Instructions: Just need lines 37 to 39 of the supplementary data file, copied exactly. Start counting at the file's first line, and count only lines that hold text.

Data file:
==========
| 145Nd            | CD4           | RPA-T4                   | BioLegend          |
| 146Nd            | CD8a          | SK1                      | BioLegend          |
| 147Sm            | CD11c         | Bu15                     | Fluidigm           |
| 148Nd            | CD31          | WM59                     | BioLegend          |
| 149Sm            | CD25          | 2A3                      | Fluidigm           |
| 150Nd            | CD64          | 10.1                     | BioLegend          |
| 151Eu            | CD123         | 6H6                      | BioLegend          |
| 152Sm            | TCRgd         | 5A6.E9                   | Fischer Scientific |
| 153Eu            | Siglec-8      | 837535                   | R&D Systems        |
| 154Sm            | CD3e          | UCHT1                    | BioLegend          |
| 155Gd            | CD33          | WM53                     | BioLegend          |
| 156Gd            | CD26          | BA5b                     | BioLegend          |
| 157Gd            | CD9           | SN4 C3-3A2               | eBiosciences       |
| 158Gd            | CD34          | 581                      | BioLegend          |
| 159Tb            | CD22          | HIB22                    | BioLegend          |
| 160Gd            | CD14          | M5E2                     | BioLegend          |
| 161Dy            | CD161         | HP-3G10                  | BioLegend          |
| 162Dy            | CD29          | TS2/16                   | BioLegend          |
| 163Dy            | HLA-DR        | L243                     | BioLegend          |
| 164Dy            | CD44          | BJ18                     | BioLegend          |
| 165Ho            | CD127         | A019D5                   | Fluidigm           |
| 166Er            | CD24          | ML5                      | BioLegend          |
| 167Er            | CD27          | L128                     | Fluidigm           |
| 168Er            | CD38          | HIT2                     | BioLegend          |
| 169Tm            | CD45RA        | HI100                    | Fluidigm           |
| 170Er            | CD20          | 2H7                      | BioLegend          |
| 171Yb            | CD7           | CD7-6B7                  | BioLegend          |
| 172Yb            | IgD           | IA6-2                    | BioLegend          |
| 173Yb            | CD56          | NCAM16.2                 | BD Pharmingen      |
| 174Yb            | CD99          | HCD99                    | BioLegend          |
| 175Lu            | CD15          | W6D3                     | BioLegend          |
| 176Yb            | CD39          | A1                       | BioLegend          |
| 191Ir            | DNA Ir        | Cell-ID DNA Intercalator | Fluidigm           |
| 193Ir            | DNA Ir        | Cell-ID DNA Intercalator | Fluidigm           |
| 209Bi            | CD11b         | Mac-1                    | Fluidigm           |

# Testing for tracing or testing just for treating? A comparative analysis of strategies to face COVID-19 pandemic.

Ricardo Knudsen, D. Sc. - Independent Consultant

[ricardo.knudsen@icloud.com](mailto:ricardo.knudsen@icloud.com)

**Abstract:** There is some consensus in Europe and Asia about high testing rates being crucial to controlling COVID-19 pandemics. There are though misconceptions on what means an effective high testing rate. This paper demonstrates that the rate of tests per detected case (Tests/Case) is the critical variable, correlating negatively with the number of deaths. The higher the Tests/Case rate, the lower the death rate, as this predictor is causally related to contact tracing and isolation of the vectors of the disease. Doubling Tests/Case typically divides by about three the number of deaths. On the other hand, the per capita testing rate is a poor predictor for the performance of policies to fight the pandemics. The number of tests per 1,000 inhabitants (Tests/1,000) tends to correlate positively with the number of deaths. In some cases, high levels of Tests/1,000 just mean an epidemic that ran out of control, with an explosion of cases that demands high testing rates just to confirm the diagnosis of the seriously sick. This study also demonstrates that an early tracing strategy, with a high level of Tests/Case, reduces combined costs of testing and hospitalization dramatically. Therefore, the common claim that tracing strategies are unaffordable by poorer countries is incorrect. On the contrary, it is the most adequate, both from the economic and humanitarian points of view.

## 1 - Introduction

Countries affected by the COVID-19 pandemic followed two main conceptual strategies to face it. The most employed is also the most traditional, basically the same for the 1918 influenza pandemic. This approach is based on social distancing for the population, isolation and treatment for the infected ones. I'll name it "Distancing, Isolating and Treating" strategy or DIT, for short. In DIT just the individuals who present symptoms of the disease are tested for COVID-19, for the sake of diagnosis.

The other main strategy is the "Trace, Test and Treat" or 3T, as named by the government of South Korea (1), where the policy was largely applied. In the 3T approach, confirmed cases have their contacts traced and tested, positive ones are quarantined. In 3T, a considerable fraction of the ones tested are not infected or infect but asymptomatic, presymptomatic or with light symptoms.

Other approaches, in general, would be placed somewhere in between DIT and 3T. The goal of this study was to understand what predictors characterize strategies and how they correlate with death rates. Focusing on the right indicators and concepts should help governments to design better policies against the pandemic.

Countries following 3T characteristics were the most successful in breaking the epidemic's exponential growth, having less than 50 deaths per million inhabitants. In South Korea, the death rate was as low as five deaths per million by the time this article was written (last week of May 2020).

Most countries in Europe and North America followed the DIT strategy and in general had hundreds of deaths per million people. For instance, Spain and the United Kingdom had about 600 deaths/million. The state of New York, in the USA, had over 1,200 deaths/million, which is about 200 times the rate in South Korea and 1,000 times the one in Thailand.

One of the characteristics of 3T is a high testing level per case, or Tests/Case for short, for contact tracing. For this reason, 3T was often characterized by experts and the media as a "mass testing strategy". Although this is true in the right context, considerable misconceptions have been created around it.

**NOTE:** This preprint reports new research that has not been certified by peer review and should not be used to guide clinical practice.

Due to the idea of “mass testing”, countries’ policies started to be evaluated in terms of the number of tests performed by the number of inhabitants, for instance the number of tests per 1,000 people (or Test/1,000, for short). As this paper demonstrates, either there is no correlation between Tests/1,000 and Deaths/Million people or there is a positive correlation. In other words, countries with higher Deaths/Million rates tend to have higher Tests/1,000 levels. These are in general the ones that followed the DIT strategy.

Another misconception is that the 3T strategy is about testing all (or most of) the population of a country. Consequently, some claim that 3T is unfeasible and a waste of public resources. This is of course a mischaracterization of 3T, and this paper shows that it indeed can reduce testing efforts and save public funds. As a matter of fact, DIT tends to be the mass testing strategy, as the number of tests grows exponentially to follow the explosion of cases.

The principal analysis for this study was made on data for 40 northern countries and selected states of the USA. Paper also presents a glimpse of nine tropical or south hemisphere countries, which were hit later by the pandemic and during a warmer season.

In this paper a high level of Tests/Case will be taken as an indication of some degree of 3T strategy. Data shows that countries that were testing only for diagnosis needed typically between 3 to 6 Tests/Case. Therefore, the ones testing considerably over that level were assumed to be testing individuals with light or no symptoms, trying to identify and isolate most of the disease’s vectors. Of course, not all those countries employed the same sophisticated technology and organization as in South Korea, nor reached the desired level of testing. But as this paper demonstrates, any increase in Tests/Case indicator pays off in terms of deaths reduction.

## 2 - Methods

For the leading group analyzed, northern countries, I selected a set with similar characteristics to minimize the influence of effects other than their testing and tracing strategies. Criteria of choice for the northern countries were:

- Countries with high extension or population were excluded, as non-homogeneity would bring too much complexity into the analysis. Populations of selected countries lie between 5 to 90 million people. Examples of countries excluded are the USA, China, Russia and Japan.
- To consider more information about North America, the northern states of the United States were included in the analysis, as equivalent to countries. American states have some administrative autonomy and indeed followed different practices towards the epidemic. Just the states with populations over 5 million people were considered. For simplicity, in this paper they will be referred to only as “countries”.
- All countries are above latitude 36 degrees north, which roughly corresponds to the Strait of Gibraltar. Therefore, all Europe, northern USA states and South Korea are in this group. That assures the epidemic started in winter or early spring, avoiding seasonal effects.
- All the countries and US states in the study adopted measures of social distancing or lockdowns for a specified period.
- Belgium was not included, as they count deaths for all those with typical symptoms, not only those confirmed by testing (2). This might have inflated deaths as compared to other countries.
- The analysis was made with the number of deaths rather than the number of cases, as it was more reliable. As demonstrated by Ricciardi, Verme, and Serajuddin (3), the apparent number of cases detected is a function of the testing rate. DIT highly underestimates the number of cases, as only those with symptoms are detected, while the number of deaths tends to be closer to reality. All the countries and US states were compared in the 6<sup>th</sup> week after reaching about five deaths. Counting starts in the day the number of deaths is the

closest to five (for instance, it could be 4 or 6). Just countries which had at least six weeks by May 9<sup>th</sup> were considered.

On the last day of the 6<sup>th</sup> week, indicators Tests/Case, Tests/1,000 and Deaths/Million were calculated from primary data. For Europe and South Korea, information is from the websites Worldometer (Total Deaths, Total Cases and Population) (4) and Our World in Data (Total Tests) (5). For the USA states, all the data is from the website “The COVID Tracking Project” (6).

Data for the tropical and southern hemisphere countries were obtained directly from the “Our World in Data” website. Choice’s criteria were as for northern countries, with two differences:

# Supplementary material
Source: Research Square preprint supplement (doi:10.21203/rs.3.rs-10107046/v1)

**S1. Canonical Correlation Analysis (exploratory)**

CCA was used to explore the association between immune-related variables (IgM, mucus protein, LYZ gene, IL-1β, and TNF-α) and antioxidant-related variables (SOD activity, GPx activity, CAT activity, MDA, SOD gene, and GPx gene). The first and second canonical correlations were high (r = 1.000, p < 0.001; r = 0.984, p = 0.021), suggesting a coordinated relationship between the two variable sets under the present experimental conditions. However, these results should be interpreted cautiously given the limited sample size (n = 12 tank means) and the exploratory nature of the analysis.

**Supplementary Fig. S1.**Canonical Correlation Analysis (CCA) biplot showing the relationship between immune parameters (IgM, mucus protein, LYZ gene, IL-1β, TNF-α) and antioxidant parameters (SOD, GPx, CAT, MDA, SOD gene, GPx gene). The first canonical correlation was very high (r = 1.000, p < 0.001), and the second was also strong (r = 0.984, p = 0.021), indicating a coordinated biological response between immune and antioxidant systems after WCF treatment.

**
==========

Ricardo Knudsen, D. Sc. - Independent Consultant

[ricardo.knudsen@icloud.com](mailto:ricardo.knudsen@icloud.com)

**Abstract:** There is some consensus in Europe and Asia about high testing rates being crucial to controlling COVID-19 pandemics. There are though misconceptions on what means an effective high testing rate. This paper demonstrates that the rate of tests per detected case (Tests/Case) is the critical variable, correlating negatively with the number of deaths. The higher the Tests/Case rate, the lower the death rate, as this predictor is causally related to contact tracing and isolation of the vectors of the disease. Doubling Tests/Case typically divides by about three the number of deaths. On the other hand, the per capita testing rate is a poor predictor for the performance of policies to fight the pandemics. The number of tests per 1,000 inhabitants (Tests/1,000) tends to correlate positively with the number of deaths. In some cases, high levels of Tests/1,000 just mean an epidemic that ran out of control, with an explosion of cases that demands high testing rates just to confirm the diagnosis of the seriously sick. This study also demonstrates that an early tracing strategy, with a high level of Tests/Case, reduces combined costs of testing and hospitalization dramatically. Therefore, the common claim that tracing strategies are unaffordable by poorer countries is incorrect. On the contrary, it is the most adequate, both from the economic and humanitarian points of view.